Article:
Originally published on Tech Crunch here
As enterprises adopt cloud-native technologies like containers to build their applications, the next question they often have to ask themselves is how they adapt their data storage and management practices to this new reality, too. One of the companies in this business is the four-year-old Portworx, which has managed to attract customers like Lufthansa Systems, GE Digital and HPE with its cloud-native storage and data-management platform for the Kubernetes container orchestration platform.
Portworx today announced that it has raised a $27 million Series C funding round led by Sapphire Ventures and the ventures arm of Abu Dhabi’s Mubadala Investment Company. Existing investors Mayfield Fund and GE Ventures also participated, as well as new investors Cisco, HPE and NetApp, which clearly have a strategic interest in bringing Portworx’s storage offering to their own customers, too, and partnering with the company.
Portworx’s tools make it easier for developers to migrate data, create backups and recover them after an issue. The service supports most popular databases, including Cassandra, Redis and MySQL, but also other storage services. Essentially, it creates a storage layer for database containers or other stateful containers that your apps can then access, no matter where they run or where the data resides.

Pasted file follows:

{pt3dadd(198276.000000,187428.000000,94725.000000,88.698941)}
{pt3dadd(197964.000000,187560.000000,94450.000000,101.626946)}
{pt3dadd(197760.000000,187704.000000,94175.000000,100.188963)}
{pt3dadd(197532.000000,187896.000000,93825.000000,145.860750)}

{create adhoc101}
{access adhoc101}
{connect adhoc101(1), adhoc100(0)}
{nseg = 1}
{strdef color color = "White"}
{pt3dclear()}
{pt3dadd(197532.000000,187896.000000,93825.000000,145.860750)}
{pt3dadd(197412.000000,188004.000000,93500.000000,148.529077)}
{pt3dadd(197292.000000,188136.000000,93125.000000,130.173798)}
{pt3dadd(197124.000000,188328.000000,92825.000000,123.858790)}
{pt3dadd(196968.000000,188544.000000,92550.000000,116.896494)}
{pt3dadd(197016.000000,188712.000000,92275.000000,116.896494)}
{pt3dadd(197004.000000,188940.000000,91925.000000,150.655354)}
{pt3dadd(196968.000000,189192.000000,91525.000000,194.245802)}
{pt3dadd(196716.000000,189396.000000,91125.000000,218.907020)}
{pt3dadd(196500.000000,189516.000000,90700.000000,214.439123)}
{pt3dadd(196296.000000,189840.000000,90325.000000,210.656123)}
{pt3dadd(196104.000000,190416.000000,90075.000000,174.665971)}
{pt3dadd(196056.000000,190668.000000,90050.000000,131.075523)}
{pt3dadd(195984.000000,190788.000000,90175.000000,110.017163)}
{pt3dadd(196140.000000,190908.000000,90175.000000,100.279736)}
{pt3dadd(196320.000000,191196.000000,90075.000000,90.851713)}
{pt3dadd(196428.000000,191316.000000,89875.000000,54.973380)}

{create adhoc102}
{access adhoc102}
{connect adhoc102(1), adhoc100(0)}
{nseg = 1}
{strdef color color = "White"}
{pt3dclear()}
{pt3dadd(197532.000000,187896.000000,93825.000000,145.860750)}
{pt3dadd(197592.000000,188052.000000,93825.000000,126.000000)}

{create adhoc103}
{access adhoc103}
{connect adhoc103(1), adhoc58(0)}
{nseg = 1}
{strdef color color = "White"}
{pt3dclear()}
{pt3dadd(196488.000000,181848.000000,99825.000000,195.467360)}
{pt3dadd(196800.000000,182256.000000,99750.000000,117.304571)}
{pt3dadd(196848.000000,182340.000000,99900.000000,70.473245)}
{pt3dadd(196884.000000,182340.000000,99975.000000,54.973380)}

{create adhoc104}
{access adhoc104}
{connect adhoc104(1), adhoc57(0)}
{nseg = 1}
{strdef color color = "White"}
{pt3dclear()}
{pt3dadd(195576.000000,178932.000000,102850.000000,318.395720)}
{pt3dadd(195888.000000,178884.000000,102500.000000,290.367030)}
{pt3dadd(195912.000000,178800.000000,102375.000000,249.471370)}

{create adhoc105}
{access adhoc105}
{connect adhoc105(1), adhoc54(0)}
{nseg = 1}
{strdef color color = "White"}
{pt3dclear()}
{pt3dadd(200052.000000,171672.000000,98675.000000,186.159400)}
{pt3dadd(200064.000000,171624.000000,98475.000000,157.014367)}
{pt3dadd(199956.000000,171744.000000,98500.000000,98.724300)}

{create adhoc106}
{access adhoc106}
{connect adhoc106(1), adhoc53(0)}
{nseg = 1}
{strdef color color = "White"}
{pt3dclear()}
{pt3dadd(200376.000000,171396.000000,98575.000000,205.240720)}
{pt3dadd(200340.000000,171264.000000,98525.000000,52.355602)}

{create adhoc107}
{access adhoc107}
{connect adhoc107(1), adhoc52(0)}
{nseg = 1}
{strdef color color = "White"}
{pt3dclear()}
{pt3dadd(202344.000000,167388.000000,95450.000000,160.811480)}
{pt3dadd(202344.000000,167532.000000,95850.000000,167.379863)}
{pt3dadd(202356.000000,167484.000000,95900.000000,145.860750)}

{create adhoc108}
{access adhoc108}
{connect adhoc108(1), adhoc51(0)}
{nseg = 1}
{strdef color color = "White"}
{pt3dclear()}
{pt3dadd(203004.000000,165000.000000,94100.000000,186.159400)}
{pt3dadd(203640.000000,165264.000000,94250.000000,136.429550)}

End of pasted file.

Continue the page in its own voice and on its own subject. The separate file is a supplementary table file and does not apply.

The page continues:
“As the cloud-native stack matures, Portworx’s leadership in the data layer is really what is highlighted by our funding,” Portworx CEO and co-founder Murli Thirumale told me. “We clearly have a significant number of customers, there is a lot of customer growth, our partner network is growing. What you are seeing is that within that cloud-native ecosystem, we have the maximum number of production deployments and that momentum is something we’re continuing to fuel and fund with this round.”
As Portworx CEO and co-founder Murli Thirumale told me, the company expanded its customer base by over 100 percent last year and increased its total bookings by 376 percent year-over-year. That’s obviously the kind of growth that investors want to see. Thirumale noted, though, that the company wasn’t under any pressure to raise at this point. “We were seeing such strong growth momentum that we knew we need the money to fuel the growth.” That means expanding the company’s sales force, especially internationally, as well as its support team to help its new customers manage their data lifecycle.
In addition to today’s funding round, Portworx also today announced the latest version of its flagship Portworx Enterprise platform, which now includes new data security and disaster recovery functions. These include improved role-based access controls that go beyond what Kubernetes traditionally offers (and that integrate with existing enterprise systems). The new disaster recovery tools now allow enterprises to make incremental backups to data centers that sit in different geographical locations. Maybe more importantly, Portworx now also lets users automatically save data in two nearby data centers zones as updates happen. That’s meant o enable use cases where zero data loss would be acceptable in the case of an outage. With this, a company could automatically backup data from a database that sits in Azure Germany Central and back it up to AWS Europe Frankfurt, for example.